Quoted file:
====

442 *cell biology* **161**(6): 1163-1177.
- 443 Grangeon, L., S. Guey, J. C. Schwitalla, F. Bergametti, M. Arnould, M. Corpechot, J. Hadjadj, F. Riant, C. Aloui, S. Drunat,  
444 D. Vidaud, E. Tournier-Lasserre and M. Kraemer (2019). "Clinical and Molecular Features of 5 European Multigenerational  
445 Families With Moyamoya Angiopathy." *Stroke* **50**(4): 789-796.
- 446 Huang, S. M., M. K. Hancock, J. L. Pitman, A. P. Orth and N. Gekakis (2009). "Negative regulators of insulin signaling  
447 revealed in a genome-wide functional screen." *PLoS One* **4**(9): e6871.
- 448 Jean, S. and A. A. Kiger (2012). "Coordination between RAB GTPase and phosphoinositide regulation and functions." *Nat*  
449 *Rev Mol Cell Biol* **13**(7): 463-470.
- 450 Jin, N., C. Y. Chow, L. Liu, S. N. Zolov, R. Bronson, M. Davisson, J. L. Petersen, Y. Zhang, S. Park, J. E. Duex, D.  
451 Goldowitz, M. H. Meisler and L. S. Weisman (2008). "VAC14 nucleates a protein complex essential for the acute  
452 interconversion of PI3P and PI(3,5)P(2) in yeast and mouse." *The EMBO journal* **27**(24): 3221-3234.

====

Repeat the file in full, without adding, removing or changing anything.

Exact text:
442 *cell biology* **161**(6): 1163-1177.
- 443 Grangeon, L., S. Guey, J. C. Schwitalla, F. Bergametti, M. Arnould, M. Corpechot, J. Hadjadj, F. Riant, C. Aloui, S. Drunat,  
444 D. Vidaud, E. Tournier-Lasserre and M. Kraemer (2019). "Clinical and Molecular Features of 5 European Multigenerational  
445 Families With Moyamoya Angiopathy." *Stroke* **50**(4): 789-796.
- 446 Huang, S. M., M. K. Hancock, J. L. Pitman, A. P. Orth and N. Gekakis (2009). "Negative regulators of insulin signaling  
447 revealed in a genome-wide functional screen." *PLoS One* **4**(9): e6871.
- 448 Jean, S. and A. A. Kiger (2012). "Coordination between RAB GTPase and phosphoinositide regulation and functions." *Nat*  
449 *Rev Mol Cell Biol* **13**(7): 463-470.
- 450 Jin, N., C. Y. Chow, L. Liu, S. N. Zolov, R. Bronson, M. Davisson, J. L. Petersen, Y. Zhang, S. Park, J. E. Duex, D.  
451 Goldowitz, M. H. Meisler and L. S. Weisman (2008). "VAC14 nucleates a protein complex essential for the acute  
452 interconversion of PI3P and PI(3,5)P(2) in yeast and mouse." *The EMBO journal* **27**(24): 3221-3234.